Happy 75th birthday, Air Cadets: Glider fleet still grounded after 2 YEARS

Today marks the 75th birthday of the Air Training Corps. Yet amongst today’s formal celebrations is an elephant in the room: the corps’ 150-strong glider fleet has been grounded since 2014 – and may stay there for another two or three years.

In 2014 concerns were raised over airworthiness of the Grob G.109B Vigilant and G.103 Viking fleets, which are owned by the RAF and on the military register, after aircraft repair logs were found not to reflect the true state of the airframes. Sensibly, the RAF grounded them all while it investigated.

However, this left cadets without any gliding training at all. Although ATC and CCF(RAF) cadets are able to take part in air experience flights in the RAF’s Grob Tutor powered aircraft alongside a qualified instructor, they do not receive any formal, structured flying training.

The Vigilant and Viking fleets were used to teach cadets the basics of flying and gliding up to first solo standard. Staff cadets took on more advanced gliding training and could even become qualified gliding instructors themselves. Although RAF-owned, the gliders are maintained by Serco under an outsourcing contract.

Meanwhile the RAF’s No.2 Flying Training School, commanded by Group Captain John Middleton, a former regional commandant with the ATC, has continued to dither about the process of “recovering” the two glider fleets (which it is responsible for) back to flying status. While a tiny handful of gliders are now in flying condition and based at RAF Syerston, 2 FTS’s Nottinghamshire home, this is cold comfort for teenagers in Cornwall, Scotland or Northern Ireland who joined the ATC to fly.

The ATC has consistently refused to allow cadet units to organise flying or gliding training opportunities with local civilian clubs, instead insisting that cadets must wait for 2 FTS to pull its finger out. After two years of total inactivity, however, the instructors of the ATC’s Volunteer Gliding Squadrons (VGSs), volunteers who give up their free time to teach cadets to glide, will need to refresh skills that have significantly degraded through lack of practice. Many, it is feared, will have walked away from the ATC altogether and found something else to do with their free time.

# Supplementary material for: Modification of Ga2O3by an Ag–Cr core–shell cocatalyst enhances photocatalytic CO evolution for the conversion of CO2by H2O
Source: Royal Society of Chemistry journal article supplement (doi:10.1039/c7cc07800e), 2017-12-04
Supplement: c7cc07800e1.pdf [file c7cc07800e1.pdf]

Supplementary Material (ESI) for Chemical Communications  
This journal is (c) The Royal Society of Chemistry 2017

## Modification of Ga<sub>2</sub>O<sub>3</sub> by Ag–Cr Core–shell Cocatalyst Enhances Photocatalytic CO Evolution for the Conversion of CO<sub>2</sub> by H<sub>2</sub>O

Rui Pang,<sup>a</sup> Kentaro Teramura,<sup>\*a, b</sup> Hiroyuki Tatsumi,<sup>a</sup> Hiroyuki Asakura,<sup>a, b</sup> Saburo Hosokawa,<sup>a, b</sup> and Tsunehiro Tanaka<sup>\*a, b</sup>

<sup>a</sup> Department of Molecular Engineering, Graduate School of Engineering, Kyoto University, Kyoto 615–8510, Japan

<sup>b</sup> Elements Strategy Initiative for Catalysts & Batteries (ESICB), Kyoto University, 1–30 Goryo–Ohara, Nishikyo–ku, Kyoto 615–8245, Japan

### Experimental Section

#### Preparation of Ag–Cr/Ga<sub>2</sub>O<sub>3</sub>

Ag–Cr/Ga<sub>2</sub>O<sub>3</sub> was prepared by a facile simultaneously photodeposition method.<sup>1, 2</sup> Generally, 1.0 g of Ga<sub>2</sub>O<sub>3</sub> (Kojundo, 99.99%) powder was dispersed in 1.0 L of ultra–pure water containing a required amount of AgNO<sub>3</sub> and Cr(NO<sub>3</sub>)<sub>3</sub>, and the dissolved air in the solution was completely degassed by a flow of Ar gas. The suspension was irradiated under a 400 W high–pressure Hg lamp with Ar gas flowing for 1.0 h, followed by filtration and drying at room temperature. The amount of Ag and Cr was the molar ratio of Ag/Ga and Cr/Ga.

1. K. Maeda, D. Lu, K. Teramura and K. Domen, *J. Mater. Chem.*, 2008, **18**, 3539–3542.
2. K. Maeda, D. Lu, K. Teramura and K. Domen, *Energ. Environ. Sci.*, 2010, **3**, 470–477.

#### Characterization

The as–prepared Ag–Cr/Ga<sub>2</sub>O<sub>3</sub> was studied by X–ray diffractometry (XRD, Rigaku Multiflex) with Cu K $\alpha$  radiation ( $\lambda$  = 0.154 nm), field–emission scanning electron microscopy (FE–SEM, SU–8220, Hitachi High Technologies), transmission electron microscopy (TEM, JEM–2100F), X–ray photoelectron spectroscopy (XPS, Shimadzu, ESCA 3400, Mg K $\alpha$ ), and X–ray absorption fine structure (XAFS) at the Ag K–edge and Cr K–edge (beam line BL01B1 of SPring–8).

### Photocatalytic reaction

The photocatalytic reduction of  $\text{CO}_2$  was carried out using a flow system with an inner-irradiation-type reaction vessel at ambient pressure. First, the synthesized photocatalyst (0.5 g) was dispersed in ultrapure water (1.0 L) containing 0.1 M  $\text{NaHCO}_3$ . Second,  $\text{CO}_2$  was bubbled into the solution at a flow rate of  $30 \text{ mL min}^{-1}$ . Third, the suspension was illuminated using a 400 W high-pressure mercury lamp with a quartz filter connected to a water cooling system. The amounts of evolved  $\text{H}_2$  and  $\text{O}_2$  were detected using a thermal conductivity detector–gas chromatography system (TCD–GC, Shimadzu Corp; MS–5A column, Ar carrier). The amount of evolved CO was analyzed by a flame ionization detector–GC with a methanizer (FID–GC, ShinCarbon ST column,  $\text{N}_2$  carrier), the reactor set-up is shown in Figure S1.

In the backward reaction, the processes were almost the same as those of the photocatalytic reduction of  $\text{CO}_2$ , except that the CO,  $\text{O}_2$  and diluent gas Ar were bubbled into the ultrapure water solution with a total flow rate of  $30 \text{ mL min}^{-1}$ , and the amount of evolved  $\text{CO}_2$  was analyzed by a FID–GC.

Cadets and their volunteer staff have been given no official confirmation of when gliding will resume, despite many vague promises from the ATC and 2 FTS. However, Babcock International, a defence contractor, is currently advertising for a Viking Recovery Contract Manager on a two year basis. This would mean by the time the contract ends, cadet gliding will have taken almost five years to resume.

Venture Adventure indeed.

RFA Wave Knight. Crown copyright

Royal Fleet Auxiliary tanker cannot put to sea after £14m refit

RFA Wave Knight is reportedly unable to put to sea after a £14m refit. The fast fleet tanker is currently alongside in Birkenhead, having not deployed since Exercise Cougar 14 a year ago.

The Plymouth Herald reports sketchy details about the auxiliary “not meeting the requirements for Royal Navy military training”. Taken in hand by Cammell Laird late last year, the 16-yr-old tanker has spent about twelve months alongside.

An RN spokesman told the Herald that Wave Knight “is safe”, adding: “Assessment of the required rectification is currently ongoing. It is therefore too early to provide an estimate [for how much more money will have to be spent on the refit].”

It appears that despite the £14m spent so far, something mechanical – and pretty fundamental – has gone wrong with Wave Knight. Further details are not immediately obvious, though from what is available so far it may be the case that the ship has failed some part of her post-refit working up.

Wave Knight has had a varied career with the RFA, visiting ports around the world in support of RN and allied naval operations. A number of operational deployments culminated in 15 months spent on Atlantic Patrol Task North in 2013-14, where her 77 RFA crew were joined by three RN sailors and a detachment from the US Coast Guard. The tanker was employed on anti-drug-running operations, with her American guests carrying out the law enforcement function.

She returned to Portland Naval Base in April 2014 and was briefly deployed on Ex Cougar 14 in September that year.

In April 2015, during Wave Knight’s refit, about 200 personnel working aboard the ship had to be evacuated after an oxy-acetylene gas canister caught fire on the quayside. It is not thought that fire is related to today’s mechanical woes.

Last year the BBC reported that two RFAs were stuck alongside due to a shortage of engineers in the Royal Fleet Auxiliary service.